Ally Says Auto Loan Party Ain’t Over Yet
While Ally Financial expects the strong used car market to falter over the next two years, there are no signs of a downturn yet.
The Detroit-based lender continues to benefit from robust auto sales and subdued borrowing costs, which are keeping financial returns well above pre-pandemic levels.
“Where we write prime and particularly at the intersection of used and prime, there is always tremendous trading volume,” Chief Financial Officer Jenn LaClair said on a conference call with analysts on Thursday. .
LaClair estimated that 4-5 million consumers are currently on the sidelines of the automotive market simply because they cannot find a vehicle to buy.
“So not only do we expect this very strong origination volume to continue this year, but we expect it in the future,” LaClair said.
Ally reported first-quarter profit of $627 million, a 20% year-over-year decline largely due to a $167 million provision for loan losses. A year earlier, the company recorded a reserve release of $13 million.
The first quarter provision “reflects robust origination activity and the expected gradual normalization of credit performance,” Ally CEO Jeffrey Brown said on the conference call.
Although Ally’s first quarter earnings were down year over year, they still represented a significant jump from comparable net earnings in 2020 and 2019. For 2022 as a whole, Ally expects a return on tangible equity of 16% to 18%. range, compared to 12% in 2019.
Ally’s first quarter results and guidance for 2022 “reflect generally stable business with fundamental and fundamental growth amid improving returns,” John Hecht, an analyst who covers the company for Jefferies, wrote in a note. research.
Ally, which has $184.3 billion in assets, has raised its profile in mortgages and point-of-sale lending in recent years. And last year it expanded to credit cards with a $750 million, all-cash transaction for subprime issuer Fair Square Financial.
These moves have helped diversify the company’s balance sheet, but at its core Ally remains an auto lender, with auto loans accounting for nearly two-thirds of its $175 billion in earning assets.
Last year, Ally posted record profits of $3.1 billion, fueled by used car sales, which reached an all-time high of 40.9 million units nationwide.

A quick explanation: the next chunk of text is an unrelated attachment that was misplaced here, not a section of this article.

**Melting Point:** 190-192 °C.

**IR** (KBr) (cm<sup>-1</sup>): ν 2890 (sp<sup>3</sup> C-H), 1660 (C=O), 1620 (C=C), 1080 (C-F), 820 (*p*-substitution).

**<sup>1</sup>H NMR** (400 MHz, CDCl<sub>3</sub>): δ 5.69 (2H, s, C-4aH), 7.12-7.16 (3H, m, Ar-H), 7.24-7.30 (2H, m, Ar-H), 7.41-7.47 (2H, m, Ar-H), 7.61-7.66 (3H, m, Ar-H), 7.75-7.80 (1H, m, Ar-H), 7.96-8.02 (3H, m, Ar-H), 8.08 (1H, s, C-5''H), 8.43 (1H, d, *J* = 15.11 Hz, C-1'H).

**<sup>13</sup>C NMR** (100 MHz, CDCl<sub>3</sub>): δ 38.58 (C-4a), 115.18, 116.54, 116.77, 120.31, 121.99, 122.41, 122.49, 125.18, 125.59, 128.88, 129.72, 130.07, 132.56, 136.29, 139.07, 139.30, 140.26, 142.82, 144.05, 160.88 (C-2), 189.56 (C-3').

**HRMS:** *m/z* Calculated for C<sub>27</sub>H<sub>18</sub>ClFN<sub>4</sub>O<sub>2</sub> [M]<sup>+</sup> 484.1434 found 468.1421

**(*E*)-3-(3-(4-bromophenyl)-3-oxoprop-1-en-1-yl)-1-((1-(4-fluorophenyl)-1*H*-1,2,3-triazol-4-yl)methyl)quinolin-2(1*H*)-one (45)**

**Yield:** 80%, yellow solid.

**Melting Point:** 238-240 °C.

As the market normalizes, Ally expects the average value of used cars to decline 10% to 15% by 2023. Still, conditions remained strong enough in the first quarter for Ally to provide auto loans to consumption totaling $11.6 billion, up 14% per year. over-year. Total consumer loans included $7.6 billion in used car loans.
Ally’s continued strength in the auto retail sector stems from a shift in focus toward prime borrowers, according to LaClair. She said super-prime consumers tend to wait to buy their preferred new-car option, even in the wake of pandemic-era supply chain disruptions.
LaClair added that even if used-car sales start to slow — as many observers expected — new-car sales and dealer loans should act as what she called a “natural hedge.” .
“I think Ally really wins anyway,” LaClair said.
Despite Ally’s expectation that credit quality will gradually normalize, it remained strong in the first quarter. Retail automotive net charges totaled $113 million, up slightly year-over-year but less than half the total from the first quarter of 2020.
Ally expects retail auto net charges, which represented 0.58% of loans in the quarter ending March 31, to remain below 1% throughout 2022, according to Hecht.
Ally reported mortgages of $1.7 billion in the first quarter, in line with its first quarter 2021 result, but down 41% on a linked quarterly basis. Point-of-sale loans of $442 million and credit card balances of $1 billion both increased significantly.
Ally reported deposits of $142 billion as of March 31, up 3% from the same period in 2021. Core deposits, excluding negotiated financing, were up 6% year-over-year .